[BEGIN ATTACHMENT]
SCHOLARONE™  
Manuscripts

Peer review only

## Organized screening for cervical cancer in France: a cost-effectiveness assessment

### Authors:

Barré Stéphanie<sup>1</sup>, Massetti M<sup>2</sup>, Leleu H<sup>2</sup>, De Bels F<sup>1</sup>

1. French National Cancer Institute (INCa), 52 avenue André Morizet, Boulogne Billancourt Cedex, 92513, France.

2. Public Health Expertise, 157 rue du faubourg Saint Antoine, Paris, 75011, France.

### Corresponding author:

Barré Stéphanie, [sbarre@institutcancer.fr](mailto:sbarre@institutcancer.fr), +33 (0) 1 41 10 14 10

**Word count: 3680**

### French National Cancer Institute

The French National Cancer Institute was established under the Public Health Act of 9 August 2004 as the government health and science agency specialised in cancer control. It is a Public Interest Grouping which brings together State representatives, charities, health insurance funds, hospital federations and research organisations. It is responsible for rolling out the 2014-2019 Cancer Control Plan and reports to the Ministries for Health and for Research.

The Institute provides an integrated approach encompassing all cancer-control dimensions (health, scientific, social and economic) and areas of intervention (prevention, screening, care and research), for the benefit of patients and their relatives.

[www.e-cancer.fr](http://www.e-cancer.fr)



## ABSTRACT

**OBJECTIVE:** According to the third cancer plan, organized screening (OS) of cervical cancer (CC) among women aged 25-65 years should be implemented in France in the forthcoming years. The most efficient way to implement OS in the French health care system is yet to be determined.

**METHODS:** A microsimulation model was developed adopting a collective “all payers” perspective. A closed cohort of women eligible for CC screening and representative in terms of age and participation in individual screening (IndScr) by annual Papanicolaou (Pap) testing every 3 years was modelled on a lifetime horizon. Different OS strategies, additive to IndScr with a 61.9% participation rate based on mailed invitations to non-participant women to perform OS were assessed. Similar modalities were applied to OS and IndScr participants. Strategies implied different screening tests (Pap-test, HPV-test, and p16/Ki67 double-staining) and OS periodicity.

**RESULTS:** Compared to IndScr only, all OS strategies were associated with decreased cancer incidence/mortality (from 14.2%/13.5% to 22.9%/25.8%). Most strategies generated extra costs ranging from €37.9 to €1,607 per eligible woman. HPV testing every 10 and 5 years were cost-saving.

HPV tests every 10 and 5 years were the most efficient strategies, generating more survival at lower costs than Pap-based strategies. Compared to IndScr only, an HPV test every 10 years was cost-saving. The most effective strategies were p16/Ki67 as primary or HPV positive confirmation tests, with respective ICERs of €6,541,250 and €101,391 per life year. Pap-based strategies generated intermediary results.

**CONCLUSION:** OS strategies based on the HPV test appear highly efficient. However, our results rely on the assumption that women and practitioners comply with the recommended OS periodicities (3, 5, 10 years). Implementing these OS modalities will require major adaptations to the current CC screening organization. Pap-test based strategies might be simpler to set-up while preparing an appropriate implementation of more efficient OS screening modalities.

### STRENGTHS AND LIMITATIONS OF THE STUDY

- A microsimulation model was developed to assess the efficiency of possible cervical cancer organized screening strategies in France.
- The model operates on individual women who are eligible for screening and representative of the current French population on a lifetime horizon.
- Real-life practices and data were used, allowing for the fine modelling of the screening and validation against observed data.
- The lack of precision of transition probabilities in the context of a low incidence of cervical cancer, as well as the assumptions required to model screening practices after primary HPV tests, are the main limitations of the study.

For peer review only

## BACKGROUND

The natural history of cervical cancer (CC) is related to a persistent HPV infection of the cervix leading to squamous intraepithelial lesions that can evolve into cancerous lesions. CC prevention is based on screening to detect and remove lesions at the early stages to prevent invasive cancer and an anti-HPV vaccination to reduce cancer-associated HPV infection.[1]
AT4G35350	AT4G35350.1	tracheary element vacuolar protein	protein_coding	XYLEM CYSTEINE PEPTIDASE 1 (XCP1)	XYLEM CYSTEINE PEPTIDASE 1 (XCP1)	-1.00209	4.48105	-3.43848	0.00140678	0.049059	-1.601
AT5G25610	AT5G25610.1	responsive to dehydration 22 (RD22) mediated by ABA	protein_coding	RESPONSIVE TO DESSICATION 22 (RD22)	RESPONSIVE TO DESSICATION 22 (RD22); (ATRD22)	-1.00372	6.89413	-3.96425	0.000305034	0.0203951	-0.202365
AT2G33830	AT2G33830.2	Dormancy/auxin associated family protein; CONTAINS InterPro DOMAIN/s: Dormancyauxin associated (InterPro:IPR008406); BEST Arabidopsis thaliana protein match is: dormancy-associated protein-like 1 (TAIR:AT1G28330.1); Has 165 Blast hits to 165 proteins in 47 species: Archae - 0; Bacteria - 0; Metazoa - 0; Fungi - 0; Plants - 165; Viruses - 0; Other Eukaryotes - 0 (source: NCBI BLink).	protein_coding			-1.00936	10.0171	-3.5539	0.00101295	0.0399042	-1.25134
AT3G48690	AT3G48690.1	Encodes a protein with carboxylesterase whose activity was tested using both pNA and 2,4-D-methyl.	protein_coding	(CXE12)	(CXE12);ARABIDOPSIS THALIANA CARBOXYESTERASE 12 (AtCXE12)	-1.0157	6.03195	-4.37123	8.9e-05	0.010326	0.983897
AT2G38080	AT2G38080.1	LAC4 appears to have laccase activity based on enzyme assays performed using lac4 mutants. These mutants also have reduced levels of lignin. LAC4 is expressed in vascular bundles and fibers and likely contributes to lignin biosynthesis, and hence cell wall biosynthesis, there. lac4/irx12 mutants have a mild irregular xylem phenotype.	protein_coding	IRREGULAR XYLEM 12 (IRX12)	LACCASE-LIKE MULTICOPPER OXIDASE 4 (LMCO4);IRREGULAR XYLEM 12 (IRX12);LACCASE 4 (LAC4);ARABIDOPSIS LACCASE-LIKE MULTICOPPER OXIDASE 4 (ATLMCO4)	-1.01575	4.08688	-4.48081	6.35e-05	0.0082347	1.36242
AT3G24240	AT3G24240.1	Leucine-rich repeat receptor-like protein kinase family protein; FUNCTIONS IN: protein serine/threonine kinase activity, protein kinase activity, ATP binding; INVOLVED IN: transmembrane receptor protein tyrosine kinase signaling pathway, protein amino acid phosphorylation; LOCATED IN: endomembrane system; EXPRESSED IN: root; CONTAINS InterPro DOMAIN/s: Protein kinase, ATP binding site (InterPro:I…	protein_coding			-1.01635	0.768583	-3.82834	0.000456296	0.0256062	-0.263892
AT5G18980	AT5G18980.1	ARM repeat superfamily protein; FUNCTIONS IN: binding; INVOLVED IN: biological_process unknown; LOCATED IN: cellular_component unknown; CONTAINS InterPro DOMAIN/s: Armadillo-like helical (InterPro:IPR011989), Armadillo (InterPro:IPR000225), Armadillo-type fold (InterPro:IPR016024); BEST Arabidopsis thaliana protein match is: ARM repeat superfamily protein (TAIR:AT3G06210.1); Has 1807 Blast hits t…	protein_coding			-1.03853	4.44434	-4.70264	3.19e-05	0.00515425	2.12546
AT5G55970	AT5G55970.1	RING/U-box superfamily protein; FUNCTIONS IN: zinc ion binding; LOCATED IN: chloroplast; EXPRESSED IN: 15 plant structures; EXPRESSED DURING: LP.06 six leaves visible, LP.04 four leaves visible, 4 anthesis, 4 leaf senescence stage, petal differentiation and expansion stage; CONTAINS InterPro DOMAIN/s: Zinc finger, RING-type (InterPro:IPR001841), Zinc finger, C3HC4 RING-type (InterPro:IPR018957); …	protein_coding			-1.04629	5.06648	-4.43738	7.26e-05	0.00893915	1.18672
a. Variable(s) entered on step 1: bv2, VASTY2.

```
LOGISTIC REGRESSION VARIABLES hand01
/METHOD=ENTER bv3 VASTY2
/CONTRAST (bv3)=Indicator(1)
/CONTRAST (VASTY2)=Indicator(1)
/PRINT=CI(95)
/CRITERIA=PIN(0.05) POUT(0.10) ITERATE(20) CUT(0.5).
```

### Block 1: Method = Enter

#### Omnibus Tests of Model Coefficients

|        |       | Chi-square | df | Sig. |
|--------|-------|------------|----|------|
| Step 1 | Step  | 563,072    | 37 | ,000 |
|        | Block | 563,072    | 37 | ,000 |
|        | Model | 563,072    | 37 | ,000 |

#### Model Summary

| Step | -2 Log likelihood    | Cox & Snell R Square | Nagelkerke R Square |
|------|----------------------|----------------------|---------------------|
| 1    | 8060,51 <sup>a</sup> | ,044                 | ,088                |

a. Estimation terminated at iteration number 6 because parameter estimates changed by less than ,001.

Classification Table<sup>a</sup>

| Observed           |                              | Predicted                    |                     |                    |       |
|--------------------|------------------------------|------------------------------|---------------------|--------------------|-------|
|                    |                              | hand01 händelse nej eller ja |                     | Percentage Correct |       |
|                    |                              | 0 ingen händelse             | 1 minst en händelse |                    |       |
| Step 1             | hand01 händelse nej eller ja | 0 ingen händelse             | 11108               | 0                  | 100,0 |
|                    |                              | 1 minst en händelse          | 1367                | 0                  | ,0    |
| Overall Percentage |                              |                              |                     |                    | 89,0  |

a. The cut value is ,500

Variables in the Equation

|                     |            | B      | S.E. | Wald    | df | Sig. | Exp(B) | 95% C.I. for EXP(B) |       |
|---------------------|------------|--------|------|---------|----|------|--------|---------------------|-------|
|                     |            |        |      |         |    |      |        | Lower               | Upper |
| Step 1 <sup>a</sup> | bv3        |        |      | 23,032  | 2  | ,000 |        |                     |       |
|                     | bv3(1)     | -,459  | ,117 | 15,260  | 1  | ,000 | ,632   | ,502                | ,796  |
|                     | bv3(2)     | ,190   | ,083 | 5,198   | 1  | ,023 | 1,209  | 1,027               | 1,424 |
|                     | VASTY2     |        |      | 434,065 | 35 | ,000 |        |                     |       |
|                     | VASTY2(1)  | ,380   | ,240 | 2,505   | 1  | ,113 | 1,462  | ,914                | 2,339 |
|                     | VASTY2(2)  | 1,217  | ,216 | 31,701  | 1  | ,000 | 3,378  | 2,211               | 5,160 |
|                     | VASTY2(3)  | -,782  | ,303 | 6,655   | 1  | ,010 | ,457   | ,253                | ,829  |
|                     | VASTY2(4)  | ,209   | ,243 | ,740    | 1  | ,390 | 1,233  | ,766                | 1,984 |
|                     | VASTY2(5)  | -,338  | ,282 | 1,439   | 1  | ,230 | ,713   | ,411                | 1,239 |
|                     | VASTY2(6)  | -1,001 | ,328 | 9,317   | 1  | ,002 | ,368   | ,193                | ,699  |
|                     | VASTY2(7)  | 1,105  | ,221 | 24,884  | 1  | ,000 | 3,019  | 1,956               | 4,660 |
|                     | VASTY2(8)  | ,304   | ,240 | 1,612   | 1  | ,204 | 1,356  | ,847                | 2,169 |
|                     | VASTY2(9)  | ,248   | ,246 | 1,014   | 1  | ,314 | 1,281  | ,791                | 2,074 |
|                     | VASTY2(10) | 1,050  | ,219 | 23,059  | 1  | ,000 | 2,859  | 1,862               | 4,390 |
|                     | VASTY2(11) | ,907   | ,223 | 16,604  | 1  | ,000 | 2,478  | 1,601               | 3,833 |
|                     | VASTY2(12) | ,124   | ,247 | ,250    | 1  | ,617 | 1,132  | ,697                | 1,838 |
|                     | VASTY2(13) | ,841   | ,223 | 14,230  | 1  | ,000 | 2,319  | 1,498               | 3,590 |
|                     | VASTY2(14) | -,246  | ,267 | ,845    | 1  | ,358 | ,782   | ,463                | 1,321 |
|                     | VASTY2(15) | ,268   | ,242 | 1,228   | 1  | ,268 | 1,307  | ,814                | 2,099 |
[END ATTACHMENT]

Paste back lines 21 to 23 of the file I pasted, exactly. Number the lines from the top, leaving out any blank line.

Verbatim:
**CONCLUSION:** OS strategies based on the HPV test appear highly efficient. However, our results rely on the assumption that women and practitioners comply with the recommended OS periodicities (3, 5, 10 years). Implementing these OS modalities will require major adaptations to the current CC screening organization. Pap-test based strategies might be simpler to set-up while preparing an appropriate implementation of more efficient OS screening modalities.

### STRENGTHS AND LIMITATIONS OF THE STUDY

- A microsimulation model was developed to assess the efficiency of possible cervical cancer organized screening strategies in France.